Dow Jones
Devel Mkt Region
Total Stock Market
Dow Jones
Emerg Mkt Region
Total Stock Market
First Quarter 2015
Second Quarter 2015
First Half 2015*
Source:  The Wall Street Journal (Past performance is not indicative of future returns).  As of market close July 10, 2015.

The losses in the Emerging Market region are primarily due to the recent and substantial drop in Chinese markets.  As I have addressed before, China makes up 29.4% of the Dow Jones Emerging Market TSM index so has a disproportionate influence on this index’s return.  Chinese markets have rallied over the past couple of days due to unprecedented government intervention into domestic markets.  I am very skeptical of Chinese markets at this time and believe that fears over a Chinese market correction hurting US and other international markets are overstated.  After a terrible 2nd quarter, the European-dominated STOXX 600 index has rallied on news that Greece has agreed to the terms of the European Union.  While I prefer US markets, I do believe that exposure to European and other developed markets is appropriate to some degree.

The trend towards higher interest rates has been in place since early February.
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I believe this rise in interest rates is in anticipation of the Federal Reserve raising rates later this year, and because growth and inflation are slowly easing back into the economy.  The impact of rising rates has been to push down the Barclays US Aggregate bond index over -1.6% since early February, and year-to-date (YTD), the Barclays is now down -0.44%. 

The bond asset class remains one of the most challenging to invest in.  According to Morningstar® as of July 10th, the best performing bond sectors YTD are Bank Loans (2.61%), High Yield Bond (2.33%), and Preferred Stock (2.09%).  At the other end of the performance spectrum, Long Government (-4.41%), Long-Term Corporate (-3.72%), and the World Bond (-2.55%) have underperformed.  I have no doubt that the challenges in the bond asset class will continue especially as investors try to navigate the prospect of higher short-term interest rates from the Federal Reserve.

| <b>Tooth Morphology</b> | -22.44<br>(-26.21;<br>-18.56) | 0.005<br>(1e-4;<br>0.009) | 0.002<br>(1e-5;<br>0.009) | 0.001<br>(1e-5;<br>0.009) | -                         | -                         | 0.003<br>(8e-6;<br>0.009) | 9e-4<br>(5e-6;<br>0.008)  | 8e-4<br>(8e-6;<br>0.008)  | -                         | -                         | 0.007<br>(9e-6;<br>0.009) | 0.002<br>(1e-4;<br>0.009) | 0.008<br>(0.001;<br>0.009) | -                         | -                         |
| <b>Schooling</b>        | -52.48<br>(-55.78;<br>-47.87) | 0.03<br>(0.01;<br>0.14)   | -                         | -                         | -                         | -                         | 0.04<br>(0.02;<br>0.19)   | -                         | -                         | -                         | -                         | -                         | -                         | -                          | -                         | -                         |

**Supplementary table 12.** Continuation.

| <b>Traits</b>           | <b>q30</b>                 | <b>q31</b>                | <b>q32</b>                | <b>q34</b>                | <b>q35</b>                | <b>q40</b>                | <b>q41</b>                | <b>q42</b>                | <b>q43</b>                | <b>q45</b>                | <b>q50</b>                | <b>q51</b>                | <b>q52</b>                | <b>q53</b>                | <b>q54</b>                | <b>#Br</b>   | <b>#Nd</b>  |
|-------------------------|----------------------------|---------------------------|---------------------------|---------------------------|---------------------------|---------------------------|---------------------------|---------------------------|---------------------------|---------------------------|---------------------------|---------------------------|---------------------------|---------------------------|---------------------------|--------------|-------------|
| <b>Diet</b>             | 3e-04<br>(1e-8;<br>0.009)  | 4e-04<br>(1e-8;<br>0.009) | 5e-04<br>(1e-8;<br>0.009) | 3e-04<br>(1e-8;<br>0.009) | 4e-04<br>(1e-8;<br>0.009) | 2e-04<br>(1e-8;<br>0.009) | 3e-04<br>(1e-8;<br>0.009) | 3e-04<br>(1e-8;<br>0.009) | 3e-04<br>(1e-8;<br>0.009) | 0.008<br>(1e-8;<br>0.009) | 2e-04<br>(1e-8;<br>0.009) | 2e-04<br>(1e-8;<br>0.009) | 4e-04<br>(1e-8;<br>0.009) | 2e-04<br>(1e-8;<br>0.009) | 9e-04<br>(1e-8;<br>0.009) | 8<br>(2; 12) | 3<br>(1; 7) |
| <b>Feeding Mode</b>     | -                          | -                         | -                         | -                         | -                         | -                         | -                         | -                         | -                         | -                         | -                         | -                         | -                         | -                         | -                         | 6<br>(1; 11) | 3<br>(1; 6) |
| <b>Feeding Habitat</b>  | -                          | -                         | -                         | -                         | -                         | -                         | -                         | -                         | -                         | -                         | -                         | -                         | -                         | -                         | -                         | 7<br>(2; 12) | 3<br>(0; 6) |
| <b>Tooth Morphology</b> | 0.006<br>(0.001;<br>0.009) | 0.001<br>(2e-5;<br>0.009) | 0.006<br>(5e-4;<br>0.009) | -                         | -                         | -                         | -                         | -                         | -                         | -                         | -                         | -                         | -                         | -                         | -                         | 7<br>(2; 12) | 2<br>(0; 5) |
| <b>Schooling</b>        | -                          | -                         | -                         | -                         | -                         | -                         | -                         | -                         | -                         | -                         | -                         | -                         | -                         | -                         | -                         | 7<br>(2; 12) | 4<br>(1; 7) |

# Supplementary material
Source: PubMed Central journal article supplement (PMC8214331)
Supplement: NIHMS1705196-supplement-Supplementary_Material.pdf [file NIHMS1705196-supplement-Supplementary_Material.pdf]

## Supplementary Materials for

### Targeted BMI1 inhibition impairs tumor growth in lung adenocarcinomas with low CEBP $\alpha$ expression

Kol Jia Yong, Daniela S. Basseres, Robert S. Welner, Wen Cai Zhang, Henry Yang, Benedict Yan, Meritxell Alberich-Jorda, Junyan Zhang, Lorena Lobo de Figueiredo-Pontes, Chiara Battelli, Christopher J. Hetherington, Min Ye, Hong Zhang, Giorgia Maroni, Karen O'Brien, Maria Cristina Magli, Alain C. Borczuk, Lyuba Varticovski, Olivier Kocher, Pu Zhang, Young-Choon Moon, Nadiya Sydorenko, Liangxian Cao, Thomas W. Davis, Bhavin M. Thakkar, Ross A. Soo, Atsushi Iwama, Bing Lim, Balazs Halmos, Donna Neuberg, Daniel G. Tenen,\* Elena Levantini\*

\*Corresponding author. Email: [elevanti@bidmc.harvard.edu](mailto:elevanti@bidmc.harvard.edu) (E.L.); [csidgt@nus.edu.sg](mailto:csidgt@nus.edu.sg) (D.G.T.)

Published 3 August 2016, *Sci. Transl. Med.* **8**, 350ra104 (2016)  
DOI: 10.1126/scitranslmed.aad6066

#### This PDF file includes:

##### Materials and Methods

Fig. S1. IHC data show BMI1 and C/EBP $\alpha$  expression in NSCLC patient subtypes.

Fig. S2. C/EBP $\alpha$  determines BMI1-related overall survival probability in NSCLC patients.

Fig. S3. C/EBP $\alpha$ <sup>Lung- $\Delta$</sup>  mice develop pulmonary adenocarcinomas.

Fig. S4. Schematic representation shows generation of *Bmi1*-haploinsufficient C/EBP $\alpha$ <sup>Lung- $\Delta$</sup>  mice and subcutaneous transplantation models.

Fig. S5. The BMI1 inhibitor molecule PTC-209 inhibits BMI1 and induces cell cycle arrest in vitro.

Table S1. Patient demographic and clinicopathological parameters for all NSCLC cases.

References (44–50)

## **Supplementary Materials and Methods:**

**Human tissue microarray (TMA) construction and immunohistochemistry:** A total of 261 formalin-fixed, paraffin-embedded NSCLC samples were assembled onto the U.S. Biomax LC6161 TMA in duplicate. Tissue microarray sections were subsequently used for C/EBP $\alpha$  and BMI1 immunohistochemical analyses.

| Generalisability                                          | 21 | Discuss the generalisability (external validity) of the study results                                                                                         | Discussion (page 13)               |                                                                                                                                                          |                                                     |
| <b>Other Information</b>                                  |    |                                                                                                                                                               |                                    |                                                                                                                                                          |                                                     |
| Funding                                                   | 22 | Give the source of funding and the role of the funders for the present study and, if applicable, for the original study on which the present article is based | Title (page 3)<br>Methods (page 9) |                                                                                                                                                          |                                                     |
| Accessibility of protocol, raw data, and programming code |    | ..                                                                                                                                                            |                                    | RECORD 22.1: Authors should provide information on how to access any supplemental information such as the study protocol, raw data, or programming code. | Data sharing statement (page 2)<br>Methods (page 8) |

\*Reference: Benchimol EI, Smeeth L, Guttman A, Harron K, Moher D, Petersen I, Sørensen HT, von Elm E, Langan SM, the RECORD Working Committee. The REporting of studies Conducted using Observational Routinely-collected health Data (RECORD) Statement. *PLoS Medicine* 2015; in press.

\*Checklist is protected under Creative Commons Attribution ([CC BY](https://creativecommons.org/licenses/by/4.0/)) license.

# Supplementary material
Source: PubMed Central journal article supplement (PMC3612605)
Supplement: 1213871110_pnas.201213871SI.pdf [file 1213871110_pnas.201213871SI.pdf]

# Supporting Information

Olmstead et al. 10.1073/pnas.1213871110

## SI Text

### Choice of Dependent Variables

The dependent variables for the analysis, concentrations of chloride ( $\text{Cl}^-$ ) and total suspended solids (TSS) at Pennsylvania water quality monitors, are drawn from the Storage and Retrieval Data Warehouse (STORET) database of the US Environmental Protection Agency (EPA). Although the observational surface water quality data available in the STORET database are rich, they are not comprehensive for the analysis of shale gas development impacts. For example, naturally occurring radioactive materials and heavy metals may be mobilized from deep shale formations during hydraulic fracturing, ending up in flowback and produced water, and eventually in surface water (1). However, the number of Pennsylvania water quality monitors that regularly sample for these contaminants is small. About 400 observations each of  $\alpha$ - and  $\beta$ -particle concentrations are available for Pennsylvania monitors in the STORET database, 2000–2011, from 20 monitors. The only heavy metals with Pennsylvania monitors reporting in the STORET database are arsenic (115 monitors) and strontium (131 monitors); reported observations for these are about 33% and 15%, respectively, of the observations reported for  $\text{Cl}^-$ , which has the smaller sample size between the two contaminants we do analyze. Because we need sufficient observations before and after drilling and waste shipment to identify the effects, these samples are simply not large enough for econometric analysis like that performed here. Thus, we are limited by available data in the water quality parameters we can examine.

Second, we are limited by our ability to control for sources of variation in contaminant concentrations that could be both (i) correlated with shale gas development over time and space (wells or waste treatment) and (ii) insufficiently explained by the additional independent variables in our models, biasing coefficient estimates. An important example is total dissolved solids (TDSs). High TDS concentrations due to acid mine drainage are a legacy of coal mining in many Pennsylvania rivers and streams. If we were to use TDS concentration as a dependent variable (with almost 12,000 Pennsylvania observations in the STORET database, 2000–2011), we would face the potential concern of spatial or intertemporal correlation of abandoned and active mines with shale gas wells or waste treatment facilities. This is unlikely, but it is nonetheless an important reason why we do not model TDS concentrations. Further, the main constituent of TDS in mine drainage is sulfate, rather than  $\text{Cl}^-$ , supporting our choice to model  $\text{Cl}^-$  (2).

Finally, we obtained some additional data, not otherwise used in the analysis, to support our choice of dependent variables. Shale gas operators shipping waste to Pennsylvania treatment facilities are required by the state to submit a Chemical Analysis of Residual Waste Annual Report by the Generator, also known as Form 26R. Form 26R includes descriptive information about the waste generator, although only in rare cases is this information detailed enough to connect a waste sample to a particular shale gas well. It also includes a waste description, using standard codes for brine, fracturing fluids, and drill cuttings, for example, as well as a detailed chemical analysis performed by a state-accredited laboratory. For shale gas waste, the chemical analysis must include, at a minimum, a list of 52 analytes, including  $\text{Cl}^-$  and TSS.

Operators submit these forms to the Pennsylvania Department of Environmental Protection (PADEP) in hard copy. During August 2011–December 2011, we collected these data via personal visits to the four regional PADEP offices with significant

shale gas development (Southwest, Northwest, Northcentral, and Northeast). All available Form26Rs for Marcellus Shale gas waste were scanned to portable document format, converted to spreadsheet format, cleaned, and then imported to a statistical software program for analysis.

I am going to fall back on some of my military experience to try and find the appropriate analogy to describe what is happening with Greece and the European Union (EU).  I believe what we are seeing is a skirmish between the vanguard of two great global economic armies.

For most, you may be asking yourself, what is a skirmisher?  A skirmisher is a soldier who goes out in front of the main army to find the opposing army.  Their job is to gather intelligence, identify the location of the main army, to find any weaknesses that may be present, harass, and deceive.  They traditionally fight the first battle of any major engagement and the success or failure of the skirmishers contributes significantly to the outcome of the main battle.  The economic fighting going on between the EU, essentially Germany, and Greece is a skirmish in front the global economic armies of Entrepreneurism and Socialism.  How the skirmish concludes will, I believe, have an important impact on the future battles between these two competing global economic armies.

The world is finding itself more and more divided between entrepreneurial/capitalistic countries and socialist countries.    I still like to think of the United States as the leading force in the entrepreneurial world, while countries like Greece are old, inefficient, welfare states where the government is the primary consumer/employer for that country.  Entrepreneurial countries have less regulation, flexible job markets, lower government deficits, and place a high value on private ownership and responsibility.  Socialist countries have consistently low growth, inefficient labor markets that are encumbered with parochial interests and protectionism, high levels of government employment, high per capita GDP spending by government, and unsustainable debt.  These are the two forces that appear to be arraying themselves for battle in the years to come across the globe.